"After that I said I'm taking off. I went and sat in England for a couple of years. I just chilled man. I'm still chilling," the thirty something heart-ist said. In reality he will be back on the big screen this summer playing a hero cop opposite Wesley Snipes in Nine Lives and hooting it up with Patti Labelle and Eartha Kitt later this fall in a movie called On the One.

His African origins are the subject of his directorial debut, an explosive look at the Nigerian intelligentsia and their actions abroad in the past. An eight-minute clip left this reporter stunned and excited. He transitioned to directing because he's an individual "concerned with truth and as such use art as my vehicle to propound it. Hollywood on the whole has no regard for morals, ethics, integrity, or decency, and that contradicts my purpose. As an heart-tist. Everything I do is from the heart. I try not to fit into categories. Labels are like ceilings. They entrap your spirit. Mine is to be free."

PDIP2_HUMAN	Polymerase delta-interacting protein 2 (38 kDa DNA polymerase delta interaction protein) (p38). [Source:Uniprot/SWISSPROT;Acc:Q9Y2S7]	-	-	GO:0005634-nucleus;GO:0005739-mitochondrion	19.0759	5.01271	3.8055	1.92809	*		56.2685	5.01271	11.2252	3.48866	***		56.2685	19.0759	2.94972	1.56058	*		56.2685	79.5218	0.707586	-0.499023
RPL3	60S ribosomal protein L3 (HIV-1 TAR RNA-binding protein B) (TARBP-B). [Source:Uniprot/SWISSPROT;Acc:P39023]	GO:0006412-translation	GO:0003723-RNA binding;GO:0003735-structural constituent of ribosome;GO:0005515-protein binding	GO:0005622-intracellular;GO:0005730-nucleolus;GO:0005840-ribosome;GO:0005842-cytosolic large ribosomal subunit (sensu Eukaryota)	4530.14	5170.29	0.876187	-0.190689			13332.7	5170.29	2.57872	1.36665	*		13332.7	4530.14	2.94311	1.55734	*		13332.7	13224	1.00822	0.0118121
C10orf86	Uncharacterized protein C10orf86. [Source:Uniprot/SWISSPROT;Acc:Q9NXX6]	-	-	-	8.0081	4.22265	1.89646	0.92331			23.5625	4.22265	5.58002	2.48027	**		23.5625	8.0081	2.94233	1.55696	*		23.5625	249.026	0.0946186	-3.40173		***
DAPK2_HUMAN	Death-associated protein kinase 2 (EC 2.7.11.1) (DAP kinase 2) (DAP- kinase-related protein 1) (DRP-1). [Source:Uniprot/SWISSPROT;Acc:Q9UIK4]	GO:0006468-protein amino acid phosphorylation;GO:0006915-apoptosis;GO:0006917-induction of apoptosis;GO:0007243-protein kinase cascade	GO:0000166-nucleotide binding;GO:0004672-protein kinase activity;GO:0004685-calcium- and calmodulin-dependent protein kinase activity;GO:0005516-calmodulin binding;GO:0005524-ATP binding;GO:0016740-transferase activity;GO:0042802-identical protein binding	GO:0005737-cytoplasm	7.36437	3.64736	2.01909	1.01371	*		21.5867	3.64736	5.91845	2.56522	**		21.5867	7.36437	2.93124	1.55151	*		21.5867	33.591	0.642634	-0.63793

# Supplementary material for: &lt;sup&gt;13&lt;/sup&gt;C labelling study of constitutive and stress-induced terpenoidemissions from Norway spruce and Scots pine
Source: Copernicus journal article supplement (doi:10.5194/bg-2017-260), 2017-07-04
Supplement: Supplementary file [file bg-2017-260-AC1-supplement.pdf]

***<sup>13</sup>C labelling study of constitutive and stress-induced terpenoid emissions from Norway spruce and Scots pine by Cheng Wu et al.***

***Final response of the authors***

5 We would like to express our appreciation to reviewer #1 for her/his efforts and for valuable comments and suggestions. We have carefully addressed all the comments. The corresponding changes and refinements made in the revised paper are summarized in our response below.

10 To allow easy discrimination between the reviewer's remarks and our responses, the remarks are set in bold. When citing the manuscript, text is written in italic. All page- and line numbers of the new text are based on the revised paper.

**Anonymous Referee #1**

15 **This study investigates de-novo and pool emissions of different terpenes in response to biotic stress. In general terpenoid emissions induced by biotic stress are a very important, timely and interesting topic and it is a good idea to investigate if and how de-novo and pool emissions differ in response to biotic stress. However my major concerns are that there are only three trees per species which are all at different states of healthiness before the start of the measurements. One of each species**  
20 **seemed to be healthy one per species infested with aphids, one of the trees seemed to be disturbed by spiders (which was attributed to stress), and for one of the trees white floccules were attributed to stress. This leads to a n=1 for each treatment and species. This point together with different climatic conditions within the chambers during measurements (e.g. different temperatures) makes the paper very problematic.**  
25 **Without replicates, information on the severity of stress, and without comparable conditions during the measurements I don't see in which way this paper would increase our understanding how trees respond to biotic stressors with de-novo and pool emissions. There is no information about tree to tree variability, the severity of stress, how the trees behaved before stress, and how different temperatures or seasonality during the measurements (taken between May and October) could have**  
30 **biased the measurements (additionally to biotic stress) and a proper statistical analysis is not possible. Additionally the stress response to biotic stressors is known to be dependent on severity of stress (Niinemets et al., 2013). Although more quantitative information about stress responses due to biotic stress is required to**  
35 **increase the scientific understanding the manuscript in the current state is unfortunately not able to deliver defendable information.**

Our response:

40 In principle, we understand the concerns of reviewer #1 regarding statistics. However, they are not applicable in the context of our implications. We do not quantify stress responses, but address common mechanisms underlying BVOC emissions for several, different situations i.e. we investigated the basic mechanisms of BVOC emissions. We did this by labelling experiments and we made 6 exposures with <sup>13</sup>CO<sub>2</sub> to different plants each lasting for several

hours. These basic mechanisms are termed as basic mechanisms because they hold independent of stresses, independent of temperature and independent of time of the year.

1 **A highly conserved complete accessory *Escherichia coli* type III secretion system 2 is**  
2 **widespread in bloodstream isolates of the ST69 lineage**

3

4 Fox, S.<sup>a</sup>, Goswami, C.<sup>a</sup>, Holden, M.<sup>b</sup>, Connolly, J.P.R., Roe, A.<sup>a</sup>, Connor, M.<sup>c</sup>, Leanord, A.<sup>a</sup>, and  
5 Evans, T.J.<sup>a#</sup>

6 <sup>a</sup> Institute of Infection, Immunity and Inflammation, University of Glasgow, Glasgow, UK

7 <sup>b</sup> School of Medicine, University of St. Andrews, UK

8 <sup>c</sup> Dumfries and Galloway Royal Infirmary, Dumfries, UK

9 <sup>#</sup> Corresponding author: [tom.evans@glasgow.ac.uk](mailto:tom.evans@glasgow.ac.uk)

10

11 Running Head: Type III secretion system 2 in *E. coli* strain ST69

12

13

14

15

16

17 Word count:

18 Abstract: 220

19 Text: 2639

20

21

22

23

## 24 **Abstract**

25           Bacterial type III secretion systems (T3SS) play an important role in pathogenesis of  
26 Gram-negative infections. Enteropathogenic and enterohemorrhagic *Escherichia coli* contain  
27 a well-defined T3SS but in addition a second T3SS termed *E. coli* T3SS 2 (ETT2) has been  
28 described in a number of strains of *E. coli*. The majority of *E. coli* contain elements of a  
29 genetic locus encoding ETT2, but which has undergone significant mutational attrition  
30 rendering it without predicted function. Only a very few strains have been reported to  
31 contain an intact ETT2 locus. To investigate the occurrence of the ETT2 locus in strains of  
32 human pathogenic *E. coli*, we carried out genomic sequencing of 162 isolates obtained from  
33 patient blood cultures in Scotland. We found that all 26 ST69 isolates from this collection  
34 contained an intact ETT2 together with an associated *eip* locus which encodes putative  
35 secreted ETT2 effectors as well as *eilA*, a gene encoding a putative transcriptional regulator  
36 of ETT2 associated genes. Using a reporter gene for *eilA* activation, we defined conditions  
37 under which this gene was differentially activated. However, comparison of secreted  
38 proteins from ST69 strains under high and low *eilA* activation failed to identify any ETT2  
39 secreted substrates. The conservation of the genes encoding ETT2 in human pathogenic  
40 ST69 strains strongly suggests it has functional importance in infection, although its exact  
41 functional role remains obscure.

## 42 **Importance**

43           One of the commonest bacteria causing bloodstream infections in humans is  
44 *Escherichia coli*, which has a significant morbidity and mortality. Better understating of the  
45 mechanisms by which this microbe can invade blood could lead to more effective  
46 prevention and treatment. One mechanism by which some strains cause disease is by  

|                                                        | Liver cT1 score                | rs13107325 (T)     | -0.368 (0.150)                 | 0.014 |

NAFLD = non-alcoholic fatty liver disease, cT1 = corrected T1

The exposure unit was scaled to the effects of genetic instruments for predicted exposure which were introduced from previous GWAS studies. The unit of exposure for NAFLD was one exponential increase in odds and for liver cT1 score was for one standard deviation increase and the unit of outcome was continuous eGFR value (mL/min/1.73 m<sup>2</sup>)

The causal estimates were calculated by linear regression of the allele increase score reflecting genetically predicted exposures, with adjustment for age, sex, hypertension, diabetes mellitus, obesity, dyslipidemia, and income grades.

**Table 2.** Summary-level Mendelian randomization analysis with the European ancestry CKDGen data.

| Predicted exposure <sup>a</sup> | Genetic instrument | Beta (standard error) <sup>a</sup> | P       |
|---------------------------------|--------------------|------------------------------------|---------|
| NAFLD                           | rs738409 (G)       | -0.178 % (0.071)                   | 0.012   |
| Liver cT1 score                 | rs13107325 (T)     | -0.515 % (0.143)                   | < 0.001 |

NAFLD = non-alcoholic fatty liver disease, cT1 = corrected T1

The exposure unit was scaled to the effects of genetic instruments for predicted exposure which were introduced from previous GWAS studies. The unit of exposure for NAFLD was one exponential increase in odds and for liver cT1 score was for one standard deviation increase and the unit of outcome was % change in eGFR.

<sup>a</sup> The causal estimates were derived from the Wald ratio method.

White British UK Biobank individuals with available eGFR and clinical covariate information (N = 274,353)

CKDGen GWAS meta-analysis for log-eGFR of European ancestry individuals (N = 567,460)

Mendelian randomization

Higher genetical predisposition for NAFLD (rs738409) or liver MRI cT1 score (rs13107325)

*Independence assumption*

Directing has provided him with creative control to ultimately ensure the integrity of this project near to his heart. "The project gives air to a voice that has not been heard. The Black British voice and it details what we as the Afro-European generation experience in growing up."

When he's told that fans the world over _ especially African ones _ are proud of him, he wonders "What's pride? Pride is a foolish mans wisdom men," he declared before punctuating our conversation with more of his trumpet playing.

"If you are conscious it's really hard. You can be black and unconscious and you can get right to the top because they tend to promote people that do not know anything about their culture and do not give a damn," says Akinnuoye-Agbaje.

"For any man woman or child who is conscious there's only one route. People are afraid of enlightenment of truth and will go to any length to stamp it out and keep it down," he added.

FILMOGRAPHY (PLUS TV CREDITS)

Delta of Venus

Lip Service

Congo

Ace Ventura: When Nature Calls

The Mummy Return

The Bourne Identity

Kate & Allison

Deadly Voyage

20,000 Leagues Under the Sea

OZ

New York Undercover

Enslavement

Nine Lives

On The One
 
 
This article originally ran in the September-October 2004 issue of The AFRican.